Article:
Monday, December 13, 2010


Rabbit, Run

Harry Angstrom is socially retarded. And no, Sarah Palin, I'm not using that in a pejorative fashion. I'm using it in the strict definition of "late" - Rabbit has not developed any sense of what it's like for other people to exist around him. Or that they can hear him. He relies on his natural gifts - physical prowess on the basketball court - until they no longer serve him. (By the by, it's never explained why he doesn't take this amazing talent to college as most spectacularly talented U.S. high schoolers do.)

At that point - spoiler alert though not really - he marries a girl who he got pregnant but doesn't like very much. At some point, Janice becomes a drunk. There's some ambiguity over whether she's the real villain in the whole ordeal, but honestly, being married to Harry Angstrom would drive anyone to drink. He's flighty, annoying, simple-minded, unreliable, immature, and his love and care can disappear with a mean turn of phrase. He doesn't seem to understand why people react to his boneheaded declarations with disbelief. This follows him to the end of the book, as he runs away from one problem to the next.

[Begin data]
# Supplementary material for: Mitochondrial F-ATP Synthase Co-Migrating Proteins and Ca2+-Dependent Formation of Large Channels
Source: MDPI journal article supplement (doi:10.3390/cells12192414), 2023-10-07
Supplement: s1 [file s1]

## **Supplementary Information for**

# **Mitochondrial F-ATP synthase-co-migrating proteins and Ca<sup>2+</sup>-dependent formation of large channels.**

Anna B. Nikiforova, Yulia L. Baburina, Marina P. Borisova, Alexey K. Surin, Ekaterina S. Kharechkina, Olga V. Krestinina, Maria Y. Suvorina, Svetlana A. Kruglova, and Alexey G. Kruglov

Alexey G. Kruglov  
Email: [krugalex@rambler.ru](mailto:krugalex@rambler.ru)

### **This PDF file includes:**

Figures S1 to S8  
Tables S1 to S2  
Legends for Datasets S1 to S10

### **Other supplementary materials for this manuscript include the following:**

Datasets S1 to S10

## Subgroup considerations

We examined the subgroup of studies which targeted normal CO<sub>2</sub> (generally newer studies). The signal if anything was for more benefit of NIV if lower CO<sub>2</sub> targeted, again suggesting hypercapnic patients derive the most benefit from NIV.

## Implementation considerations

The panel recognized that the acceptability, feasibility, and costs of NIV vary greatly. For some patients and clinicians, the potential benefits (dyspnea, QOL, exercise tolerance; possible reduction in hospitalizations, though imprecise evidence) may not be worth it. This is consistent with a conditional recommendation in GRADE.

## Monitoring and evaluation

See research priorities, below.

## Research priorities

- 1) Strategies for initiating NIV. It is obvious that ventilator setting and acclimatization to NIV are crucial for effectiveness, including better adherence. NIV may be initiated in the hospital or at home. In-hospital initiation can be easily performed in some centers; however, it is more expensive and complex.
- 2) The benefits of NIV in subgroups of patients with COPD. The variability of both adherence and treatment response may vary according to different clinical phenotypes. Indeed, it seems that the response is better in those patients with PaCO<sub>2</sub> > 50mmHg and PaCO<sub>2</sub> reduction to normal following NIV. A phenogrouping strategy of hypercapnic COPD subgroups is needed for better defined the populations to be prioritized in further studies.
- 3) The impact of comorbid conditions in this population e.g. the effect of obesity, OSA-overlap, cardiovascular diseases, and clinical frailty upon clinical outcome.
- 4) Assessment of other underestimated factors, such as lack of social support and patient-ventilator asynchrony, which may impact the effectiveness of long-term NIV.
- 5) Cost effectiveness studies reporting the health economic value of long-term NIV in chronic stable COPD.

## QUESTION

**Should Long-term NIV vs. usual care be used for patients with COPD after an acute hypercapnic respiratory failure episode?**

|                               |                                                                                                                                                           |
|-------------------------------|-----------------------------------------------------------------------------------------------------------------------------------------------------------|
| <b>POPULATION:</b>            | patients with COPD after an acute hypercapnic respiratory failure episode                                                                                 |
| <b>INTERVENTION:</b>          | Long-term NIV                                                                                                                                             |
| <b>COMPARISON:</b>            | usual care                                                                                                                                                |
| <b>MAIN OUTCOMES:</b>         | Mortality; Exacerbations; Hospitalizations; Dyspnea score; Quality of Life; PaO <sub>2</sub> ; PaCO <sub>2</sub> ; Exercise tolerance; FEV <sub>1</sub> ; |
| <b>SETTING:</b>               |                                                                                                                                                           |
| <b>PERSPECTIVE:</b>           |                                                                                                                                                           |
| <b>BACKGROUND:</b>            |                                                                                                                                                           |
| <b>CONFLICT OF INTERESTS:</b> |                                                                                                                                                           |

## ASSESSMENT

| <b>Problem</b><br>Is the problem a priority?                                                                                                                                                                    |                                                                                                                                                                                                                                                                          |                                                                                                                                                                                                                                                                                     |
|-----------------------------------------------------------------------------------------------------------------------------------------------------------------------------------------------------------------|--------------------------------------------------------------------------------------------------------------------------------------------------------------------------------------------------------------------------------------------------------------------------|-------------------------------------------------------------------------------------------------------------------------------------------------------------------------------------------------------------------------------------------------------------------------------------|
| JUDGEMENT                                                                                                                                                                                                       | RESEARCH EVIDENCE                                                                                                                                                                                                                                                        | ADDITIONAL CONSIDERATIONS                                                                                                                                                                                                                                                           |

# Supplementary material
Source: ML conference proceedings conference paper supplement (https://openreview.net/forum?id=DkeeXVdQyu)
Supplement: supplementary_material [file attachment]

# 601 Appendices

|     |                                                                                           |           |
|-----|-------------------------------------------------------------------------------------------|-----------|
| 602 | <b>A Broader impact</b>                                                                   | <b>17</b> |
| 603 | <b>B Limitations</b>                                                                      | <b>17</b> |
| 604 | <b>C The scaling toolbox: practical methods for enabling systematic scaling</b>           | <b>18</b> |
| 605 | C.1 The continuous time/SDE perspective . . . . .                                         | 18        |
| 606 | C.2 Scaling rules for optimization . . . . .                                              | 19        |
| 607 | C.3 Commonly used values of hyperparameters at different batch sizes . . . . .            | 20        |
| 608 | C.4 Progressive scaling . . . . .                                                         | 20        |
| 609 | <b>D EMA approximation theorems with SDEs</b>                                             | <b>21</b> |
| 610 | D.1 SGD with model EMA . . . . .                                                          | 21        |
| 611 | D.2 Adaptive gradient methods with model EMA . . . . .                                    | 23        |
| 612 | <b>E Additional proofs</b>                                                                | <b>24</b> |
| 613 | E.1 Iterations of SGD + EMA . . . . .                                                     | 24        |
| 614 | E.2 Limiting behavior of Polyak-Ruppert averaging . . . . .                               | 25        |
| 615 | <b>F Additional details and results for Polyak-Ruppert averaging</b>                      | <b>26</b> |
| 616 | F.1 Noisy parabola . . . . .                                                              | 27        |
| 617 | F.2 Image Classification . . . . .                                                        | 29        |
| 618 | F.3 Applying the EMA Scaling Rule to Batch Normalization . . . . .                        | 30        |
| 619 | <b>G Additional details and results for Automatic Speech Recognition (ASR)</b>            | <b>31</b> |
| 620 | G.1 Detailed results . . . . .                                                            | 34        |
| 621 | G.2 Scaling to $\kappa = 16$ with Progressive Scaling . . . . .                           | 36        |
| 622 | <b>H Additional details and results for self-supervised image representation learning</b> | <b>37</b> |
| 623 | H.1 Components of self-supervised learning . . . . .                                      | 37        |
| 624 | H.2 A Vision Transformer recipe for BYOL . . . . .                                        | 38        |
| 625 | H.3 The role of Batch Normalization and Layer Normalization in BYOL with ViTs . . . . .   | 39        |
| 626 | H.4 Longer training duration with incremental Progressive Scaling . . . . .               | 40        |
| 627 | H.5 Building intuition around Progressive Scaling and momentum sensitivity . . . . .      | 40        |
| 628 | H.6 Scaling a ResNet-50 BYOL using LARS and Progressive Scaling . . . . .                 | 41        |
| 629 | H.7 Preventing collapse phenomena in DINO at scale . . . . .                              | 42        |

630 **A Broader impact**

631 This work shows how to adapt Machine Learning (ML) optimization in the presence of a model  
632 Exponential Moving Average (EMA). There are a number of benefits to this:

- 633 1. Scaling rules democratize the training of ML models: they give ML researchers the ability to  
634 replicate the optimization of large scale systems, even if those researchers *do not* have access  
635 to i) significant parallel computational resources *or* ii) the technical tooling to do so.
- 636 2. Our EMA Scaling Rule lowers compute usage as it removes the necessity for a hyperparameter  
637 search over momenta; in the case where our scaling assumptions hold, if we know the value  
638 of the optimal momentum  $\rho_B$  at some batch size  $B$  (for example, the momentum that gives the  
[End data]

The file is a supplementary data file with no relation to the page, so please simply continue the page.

At first I was repelled by his awful nature and didn't get the book. But then Updike's easy, thoughtful, and piercing writing took over to show me that Rabbit is like a lot of people who make up this world. Different aspects of his easy-yet-terrified personality are like me, but fortunately not enough that I can't get through a conversation without insulting someone or fleeing.

The discussions of religion were interesting, and must have caused quite a stir in the 60s - just as the scattered thoughts about sex probably riled the censors. Still, it's an amazing book about a very sad person in a sad situation, causing more sadness due to his sad social skills.

It's quite obvious that Don Draper is influenced by Harry, and Janice by Betty Draper - and it totally makes sense. Harry just can't handle real people like Don so often can. Perhaps Rabbit will be able to function as well as Don in the later books.

I really can't analyze this classic more than it already has been, but I fully understood why and how Updike is an amazing writer. Definitely recommended.

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